Moreover, whoever put the stories together did so with a keen eye on the Jewish Scriptures and made allusions to passages in the Jewish Bible that only someone steeped in those books could have noted. Two questions arise immediately from our contemporary obsessions about literalism. Who wrote these tales and are they true? And a third question might be: why are the stories in Luke and Matthew so different?
In all probability the nativity stories floated, drifted around in the traditions of the followers of Jesus in the middle and late middle of the first century. Someone may have combined them into a catena of stories that was available to St. Luke and he appended them to his Gospel. Unless I am completely mistaken about Luke he was not unaware of the surprises crammed into the stories and how they foretold a lot more surprises from the adult Jesus.
Are they true? There was no video camera ready for the conversation between Mary and Gabriel, nor a stenographer, nor any witness at all. Are those the exact words they exchanged? Who knows? However, given the people involved and the matter at hand, there is a certain verisimilitude in the conversation—at least till we get to the words of the Magnificat, which seem to be unlikely in the mouth of a young peasant woman, but perhaps not impossible. A virginal conception? That of course boggles the mind, though there can be no doubt that was what the author of the story and Luke who collated the story into his Gospel also believed. Such a belief must have existed among some Christians in the late middle years of the first century, so it will not do to claim that it is something that “the Church” imposed in subsequent years. It is of course a scientific impossibility, which is why many Christians reject it today. In a closed universe such conceptions simply do not occur. Yet how closed is the universe?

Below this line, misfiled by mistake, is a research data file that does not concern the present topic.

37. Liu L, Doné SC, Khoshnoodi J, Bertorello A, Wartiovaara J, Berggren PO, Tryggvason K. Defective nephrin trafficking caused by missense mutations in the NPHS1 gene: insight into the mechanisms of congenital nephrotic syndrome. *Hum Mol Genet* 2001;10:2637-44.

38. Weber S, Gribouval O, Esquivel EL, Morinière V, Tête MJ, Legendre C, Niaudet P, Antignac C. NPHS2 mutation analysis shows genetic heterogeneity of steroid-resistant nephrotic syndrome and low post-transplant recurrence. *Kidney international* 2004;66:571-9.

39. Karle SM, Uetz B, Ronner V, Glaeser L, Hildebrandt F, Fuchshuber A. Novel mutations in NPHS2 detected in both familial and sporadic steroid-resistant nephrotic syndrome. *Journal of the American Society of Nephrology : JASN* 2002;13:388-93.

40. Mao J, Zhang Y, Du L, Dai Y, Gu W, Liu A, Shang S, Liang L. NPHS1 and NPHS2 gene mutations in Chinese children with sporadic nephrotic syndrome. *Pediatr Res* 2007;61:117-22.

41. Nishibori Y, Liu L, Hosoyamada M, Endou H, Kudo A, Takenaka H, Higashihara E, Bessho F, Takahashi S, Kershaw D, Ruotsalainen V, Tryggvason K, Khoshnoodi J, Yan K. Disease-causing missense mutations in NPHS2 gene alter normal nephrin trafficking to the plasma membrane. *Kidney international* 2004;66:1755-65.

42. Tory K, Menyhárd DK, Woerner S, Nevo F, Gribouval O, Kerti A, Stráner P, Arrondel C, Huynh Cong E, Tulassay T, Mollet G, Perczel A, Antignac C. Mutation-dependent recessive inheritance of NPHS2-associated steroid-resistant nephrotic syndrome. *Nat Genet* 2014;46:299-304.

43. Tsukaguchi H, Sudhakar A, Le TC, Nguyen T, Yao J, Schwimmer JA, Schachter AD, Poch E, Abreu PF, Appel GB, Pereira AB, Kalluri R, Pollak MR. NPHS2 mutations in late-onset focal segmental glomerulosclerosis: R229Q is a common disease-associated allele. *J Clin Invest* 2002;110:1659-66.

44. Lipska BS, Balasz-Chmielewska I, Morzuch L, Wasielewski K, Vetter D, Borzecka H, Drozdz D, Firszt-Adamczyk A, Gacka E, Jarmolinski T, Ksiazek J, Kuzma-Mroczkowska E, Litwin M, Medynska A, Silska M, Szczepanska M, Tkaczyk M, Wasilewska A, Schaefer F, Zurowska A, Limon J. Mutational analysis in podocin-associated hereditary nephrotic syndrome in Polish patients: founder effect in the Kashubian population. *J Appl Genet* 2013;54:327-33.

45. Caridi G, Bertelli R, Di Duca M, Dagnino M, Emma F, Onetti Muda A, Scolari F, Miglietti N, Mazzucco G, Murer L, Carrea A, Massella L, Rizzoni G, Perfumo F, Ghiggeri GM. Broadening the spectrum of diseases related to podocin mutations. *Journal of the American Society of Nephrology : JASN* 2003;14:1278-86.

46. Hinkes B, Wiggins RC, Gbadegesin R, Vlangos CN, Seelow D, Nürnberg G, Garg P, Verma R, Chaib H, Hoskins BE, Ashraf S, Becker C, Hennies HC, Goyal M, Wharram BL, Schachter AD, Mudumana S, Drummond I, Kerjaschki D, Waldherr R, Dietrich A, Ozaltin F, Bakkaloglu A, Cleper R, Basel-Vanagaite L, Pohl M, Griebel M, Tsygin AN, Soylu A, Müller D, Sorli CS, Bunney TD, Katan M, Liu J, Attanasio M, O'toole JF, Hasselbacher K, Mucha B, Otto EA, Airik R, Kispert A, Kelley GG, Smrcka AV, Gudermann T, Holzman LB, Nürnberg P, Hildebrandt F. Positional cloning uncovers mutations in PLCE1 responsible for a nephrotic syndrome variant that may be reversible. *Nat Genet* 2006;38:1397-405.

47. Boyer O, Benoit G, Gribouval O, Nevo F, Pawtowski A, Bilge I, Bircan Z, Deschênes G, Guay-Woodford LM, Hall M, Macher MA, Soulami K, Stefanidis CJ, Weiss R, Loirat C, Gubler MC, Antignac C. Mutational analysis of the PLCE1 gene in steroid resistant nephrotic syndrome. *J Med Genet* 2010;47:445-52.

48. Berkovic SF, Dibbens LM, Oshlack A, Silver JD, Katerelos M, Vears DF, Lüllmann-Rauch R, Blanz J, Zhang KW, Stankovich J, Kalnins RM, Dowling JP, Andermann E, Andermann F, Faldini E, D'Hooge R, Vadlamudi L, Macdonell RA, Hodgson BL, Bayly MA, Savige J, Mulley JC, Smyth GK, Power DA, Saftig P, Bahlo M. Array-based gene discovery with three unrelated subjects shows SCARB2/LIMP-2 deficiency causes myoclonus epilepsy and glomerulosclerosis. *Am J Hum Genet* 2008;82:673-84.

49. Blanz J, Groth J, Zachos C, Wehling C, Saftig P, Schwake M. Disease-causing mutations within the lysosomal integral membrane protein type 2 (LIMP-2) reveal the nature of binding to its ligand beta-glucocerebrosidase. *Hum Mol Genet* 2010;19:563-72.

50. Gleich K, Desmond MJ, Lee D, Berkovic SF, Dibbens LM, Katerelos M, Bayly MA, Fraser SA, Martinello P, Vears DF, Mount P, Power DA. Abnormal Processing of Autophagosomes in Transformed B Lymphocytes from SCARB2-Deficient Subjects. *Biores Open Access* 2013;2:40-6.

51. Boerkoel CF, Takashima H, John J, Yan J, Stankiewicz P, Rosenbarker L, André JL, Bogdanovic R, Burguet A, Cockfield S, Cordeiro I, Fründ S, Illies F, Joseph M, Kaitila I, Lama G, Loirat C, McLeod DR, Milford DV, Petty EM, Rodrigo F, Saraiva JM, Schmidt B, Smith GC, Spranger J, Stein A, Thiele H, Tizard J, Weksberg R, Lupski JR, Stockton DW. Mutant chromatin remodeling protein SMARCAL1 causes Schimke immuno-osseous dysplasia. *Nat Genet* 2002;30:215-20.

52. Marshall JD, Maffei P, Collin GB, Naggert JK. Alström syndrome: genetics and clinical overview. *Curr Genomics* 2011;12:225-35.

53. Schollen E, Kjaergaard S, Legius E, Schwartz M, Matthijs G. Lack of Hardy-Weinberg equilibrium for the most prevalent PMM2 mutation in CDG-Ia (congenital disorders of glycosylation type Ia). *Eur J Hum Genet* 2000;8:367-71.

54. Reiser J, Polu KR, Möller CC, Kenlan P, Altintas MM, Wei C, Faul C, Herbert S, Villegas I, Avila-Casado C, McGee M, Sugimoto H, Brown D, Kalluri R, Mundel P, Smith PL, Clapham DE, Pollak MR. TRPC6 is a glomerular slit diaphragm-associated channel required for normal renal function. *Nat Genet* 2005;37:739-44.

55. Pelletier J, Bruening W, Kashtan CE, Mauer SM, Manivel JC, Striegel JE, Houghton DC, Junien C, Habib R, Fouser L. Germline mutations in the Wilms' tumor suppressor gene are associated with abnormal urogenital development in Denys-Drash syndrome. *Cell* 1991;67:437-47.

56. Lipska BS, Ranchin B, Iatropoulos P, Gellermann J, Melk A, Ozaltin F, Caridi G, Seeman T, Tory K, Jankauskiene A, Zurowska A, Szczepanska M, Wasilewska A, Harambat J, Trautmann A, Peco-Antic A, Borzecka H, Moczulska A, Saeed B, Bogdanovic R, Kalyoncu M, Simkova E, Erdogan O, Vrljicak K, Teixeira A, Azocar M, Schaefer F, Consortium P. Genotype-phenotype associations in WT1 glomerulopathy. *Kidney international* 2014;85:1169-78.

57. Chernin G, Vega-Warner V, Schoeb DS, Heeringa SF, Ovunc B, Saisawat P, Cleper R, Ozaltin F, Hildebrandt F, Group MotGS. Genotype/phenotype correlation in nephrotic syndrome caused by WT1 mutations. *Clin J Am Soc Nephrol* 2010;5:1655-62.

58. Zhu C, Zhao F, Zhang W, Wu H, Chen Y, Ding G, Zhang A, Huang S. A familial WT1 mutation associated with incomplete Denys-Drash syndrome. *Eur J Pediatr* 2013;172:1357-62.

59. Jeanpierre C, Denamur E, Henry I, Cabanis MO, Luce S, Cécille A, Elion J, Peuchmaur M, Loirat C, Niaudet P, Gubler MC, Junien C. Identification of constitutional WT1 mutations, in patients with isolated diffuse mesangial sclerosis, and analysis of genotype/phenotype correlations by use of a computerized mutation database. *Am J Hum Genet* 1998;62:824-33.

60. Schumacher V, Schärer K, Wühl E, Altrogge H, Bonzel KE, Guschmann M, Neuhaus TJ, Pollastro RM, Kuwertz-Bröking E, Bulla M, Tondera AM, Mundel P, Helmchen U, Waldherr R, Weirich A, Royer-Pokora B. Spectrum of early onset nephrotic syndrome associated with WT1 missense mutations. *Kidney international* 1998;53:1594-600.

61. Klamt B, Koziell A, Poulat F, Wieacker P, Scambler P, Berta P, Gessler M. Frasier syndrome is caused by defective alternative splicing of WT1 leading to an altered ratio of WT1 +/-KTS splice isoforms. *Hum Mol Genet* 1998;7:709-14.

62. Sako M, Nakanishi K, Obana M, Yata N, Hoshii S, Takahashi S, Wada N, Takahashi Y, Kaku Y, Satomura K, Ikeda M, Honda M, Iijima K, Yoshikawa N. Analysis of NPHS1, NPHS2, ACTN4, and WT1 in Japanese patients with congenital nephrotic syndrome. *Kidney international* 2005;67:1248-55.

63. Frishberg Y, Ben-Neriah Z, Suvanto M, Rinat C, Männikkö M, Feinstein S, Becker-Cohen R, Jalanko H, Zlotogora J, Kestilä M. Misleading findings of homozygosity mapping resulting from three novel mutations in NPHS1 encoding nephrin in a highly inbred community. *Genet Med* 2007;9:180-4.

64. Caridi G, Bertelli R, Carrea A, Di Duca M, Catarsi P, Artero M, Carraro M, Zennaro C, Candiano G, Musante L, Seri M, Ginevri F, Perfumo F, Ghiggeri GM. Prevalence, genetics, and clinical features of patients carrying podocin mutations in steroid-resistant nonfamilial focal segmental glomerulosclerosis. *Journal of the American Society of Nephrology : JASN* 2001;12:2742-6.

Father Raymond Brown describes the infancy narratives as theologumenons—stories with a theological point. The author(s) of the narratives were teaching powerful theological truths through their narratives—the most powerful of which is that something utterly new happened with the coming of Jesus, something unexpected, confounding, disorienting, and monumentally surprising: the birth of a new creation or a rebirth of the old (same thing), not only news, but exorbitantly good news. If one can accept that truth then the possibility of a virginal conception—or a resurrection—should seem no big deal. Those who are so eager to reject a virginal conception never seem to pay any attention to the beginning of a new creation, the birth of a second Adam. Either Jesus was what he said he was or he was not. If he was, then there was a special intervention outside the human system (the nature of which we do not understand). If he was not, then his whole story is either fraud or self-deception. Those who would remove from the Jesus story the wondrous, the marvelous, the miraculous, the incredible surprise, destroy the story altogether.
The Christmas stories are either superstitious, if beautiful, nonsense or they tell us something critically important about the babe and about the man he would grow up to be.